Review: Under the Skin

2014/05/20 19:19:20 +00:00 | Becki Hawkes

Almost three years ago, the world-famous Scarlett Johansson donned a black wig, applied a blood red slick of lipstick, and drove a grubby white van around the equally grubby streets of the Scottish city of Glasgow, where she accosted unsuspecting men and invited them to join her. The footage from this somewhat surreal hidden-camera experiment is utilized to masterful effect in Under the Skin, the eerie, utterly unique new film from Sexy Beast director Jonathan Glazer.

A pared back adaptation of the Michel Faber novel of the same name, Under the Skin stars Johansson as a deadly, alien huntress. Disguised as a beautiful woman – in a body that she climbs into like a shell – Johansson’s extraterrestrial femme fatale entices then imprisons the strangers she encounters: a brief shot depicting pulverized blood and flesh draining away makes it clear that none of her victims come to a good end. Johansson’s alien initially views the world with a cold, bewildered detachment, intent on her solitary mission. However, as the film develops, the character begins to develop a sense of curiosity towards the humans surrounding her – and with her curiosity, comes a slow, embryonic sort of empathy.

Glazer is an accomplished cinematographer, and his evocation of grimy, gritty Glasgow is intense and visceral; seen through Johansson’s alien eyes, both the fragile beauty and the lurking horror of the world and its human inhabitants are thrown into sharp relief. The film’s soundtrack, from composer Mica Levi, heightens this impression: by turns pounding, dangerous and frenzied, and remote and utterly alien, the keening notes of the score imbue the shopping malls, motorways and bustling, drunken crowds of the city with a truly otherworldly quality.

However, the perhaps most striking aspect of Under the Skin is the way it juxtaposes traditional film-making with documentary-style hidden camera work.  The intrusion of “reality” into the narrative gives the film a particularly uncomfortable edge:  Under the Skin seems somehow tenser, more alert and awake than other films, bristling with its own dark energy. The unwary members of the public Johansson approaches – none of whom recognize the Hollywood actress – react with confusion, clearly attracted by her advances, but made nervous by the authentically alien chill she exudes. The film’s audience is placed in the exact same state of anxious uncertainty.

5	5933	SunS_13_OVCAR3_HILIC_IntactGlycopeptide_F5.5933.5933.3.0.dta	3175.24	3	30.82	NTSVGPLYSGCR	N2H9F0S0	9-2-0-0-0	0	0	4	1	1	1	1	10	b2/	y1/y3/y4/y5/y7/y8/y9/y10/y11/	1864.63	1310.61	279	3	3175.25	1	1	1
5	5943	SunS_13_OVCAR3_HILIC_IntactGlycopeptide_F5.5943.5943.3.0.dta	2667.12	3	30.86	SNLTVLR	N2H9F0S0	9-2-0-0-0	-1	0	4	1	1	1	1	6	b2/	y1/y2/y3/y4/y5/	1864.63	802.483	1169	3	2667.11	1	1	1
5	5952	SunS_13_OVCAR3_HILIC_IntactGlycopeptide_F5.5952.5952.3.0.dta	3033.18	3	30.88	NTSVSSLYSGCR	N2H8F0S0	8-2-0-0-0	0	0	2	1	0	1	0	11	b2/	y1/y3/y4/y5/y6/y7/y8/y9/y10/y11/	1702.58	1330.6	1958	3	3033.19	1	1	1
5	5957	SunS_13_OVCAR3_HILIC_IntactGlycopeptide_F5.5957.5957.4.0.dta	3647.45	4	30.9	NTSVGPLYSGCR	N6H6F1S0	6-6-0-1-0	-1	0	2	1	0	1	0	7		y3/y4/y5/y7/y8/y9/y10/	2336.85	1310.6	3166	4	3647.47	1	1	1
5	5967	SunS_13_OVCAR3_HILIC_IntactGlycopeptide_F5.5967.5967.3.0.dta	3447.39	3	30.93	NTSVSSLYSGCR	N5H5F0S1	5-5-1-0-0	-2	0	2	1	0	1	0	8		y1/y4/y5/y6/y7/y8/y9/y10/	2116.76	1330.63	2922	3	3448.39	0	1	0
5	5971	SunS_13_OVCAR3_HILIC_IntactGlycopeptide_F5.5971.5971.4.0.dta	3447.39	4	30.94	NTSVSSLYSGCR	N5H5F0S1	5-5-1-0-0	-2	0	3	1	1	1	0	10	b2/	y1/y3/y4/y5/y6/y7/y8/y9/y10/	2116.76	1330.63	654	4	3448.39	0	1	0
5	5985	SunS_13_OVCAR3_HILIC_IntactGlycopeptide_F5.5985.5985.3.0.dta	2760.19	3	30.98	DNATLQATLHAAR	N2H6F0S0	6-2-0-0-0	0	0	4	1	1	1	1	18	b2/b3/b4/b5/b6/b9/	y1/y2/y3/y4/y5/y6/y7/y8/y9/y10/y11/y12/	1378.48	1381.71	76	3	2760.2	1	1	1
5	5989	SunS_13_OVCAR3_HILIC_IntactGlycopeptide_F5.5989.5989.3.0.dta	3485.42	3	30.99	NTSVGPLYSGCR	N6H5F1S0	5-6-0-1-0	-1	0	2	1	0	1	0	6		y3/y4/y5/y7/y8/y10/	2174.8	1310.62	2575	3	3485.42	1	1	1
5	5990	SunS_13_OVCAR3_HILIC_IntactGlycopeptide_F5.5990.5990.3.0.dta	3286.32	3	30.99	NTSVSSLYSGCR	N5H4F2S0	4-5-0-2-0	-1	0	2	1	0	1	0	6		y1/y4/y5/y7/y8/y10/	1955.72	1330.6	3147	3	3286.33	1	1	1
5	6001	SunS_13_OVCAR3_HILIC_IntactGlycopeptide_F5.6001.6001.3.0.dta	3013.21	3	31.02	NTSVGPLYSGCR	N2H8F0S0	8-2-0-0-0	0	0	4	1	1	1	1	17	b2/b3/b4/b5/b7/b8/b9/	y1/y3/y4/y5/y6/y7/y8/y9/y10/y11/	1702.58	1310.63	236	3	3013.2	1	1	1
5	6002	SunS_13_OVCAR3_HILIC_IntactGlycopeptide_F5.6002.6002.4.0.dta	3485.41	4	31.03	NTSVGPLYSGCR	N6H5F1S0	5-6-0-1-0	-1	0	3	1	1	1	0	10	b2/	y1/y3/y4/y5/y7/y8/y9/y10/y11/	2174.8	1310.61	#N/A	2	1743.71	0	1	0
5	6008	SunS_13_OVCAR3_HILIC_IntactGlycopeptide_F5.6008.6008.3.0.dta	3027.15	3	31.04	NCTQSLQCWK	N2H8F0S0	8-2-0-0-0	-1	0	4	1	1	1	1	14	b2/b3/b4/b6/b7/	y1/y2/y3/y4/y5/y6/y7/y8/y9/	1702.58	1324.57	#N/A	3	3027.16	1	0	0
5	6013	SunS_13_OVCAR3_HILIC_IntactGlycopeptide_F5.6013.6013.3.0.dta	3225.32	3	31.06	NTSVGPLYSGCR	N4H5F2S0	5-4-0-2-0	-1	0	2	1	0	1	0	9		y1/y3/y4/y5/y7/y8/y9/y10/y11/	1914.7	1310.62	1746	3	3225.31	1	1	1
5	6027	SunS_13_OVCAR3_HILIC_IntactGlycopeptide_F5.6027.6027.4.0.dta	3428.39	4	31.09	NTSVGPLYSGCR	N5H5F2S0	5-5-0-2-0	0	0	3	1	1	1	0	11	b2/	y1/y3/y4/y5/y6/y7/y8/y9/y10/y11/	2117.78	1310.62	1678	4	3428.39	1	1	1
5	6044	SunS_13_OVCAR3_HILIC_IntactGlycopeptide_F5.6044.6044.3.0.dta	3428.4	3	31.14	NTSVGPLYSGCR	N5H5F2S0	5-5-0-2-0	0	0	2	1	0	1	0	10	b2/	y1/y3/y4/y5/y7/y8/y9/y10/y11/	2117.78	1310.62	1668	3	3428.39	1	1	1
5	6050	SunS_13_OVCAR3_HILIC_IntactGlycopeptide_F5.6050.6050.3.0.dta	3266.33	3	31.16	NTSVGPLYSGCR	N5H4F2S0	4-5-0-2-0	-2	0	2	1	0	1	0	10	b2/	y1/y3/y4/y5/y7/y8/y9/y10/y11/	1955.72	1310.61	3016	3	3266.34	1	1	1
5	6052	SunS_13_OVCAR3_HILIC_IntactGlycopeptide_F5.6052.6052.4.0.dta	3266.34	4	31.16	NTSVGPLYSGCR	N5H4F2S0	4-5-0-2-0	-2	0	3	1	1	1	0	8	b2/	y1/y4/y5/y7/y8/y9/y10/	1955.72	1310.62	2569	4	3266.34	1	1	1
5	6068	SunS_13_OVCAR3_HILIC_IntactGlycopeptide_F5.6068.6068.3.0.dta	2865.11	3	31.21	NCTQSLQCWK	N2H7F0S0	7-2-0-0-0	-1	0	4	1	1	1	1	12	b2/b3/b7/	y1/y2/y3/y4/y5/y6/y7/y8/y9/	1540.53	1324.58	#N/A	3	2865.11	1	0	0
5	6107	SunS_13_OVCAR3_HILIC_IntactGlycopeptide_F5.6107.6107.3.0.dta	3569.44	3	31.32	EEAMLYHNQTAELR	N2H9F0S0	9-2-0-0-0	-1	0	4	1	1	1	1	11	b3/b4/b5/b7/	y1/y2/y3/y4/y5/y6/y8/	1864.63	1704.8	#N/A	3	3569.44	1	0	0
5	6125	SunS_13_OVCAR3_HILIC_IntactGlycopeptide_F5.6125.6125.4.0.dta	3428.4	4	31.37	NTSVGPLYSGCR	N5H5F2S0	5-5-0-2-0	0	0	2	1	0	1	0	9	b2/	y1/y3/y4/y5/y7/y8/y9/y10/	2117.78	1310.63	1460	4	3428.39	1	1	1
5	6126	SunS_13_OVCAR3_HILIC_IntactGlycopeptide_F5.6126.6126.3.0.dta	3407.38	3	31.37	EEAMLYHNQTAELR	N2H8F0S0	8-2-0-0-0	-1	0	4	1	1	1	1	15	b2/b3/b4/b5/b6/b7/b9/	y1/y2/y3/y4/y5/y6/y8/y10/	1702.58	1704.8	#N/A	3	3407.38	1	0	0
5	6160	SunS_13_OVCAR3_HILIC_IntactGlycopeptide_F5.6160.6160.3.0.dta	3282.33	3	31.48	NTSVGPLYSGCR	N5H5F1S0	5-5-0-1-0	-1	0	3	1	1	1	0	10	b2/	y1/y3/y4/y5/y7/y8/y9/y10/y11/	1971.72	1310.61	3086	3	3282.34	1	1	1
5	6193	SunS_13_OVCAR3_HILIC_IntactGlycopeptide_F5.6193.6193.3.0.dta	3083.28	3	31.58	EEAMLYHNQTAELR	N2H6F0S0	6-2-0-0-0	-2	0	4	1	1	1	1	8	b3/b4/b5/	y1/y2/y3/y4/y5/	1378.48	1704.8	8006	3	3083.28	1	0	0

While Under the Skin’s use of real-life encounters is a key part of its power, other, more complex sections of Glazer’s film were necessarily completed using actors. The film’s stand out performance, aside from Johansson’s, comes from up and coming actor Adam Pearson, who plays a young man with severe facial tumors. Reduced to doing his grocery shopping at night to avoid the taunts of strangers, the character is understandably wary when Johansson’s beautiful, mysterious stranger pulls up, offers him a lift, and begins an apparent attempt to seduce him.

Pearson – who suffers from neurofibromatosis in real life – is adept at portraying the man’s disbelief and hesitancy: when his character reiterates that he “just wants to go to Tesco”, the line is almost heartbreaking in its pained, cautious dignity, tinged with an underlying fear of humiliation. The scene is surprisingly tender; one of the film’s most powerful, shockingly human moments. For the audience, knowing what lies in store for Pearson’s character, there’s also a shuddering, inevitable sense of dread.

Taken out of context, the premise of a predatory alien who hunts men in the guise of a voluptuous beauty has a schlocky, almost B-movie feel to it. However, Under the Skin is in fact science fiction at its very best.  All films about “other worlds” invite us to note the strangeness of our own planet, and all films about “other creatures” urge us to think about what makes us really human, but rarely do they do so quite as effectively as this. Glazer’s unsettling film doesn’t just get “under the skin” of its viewers: it burrows in well below the surface, nestles close to the bone, and refuses to leave.

Movie Score: 5/5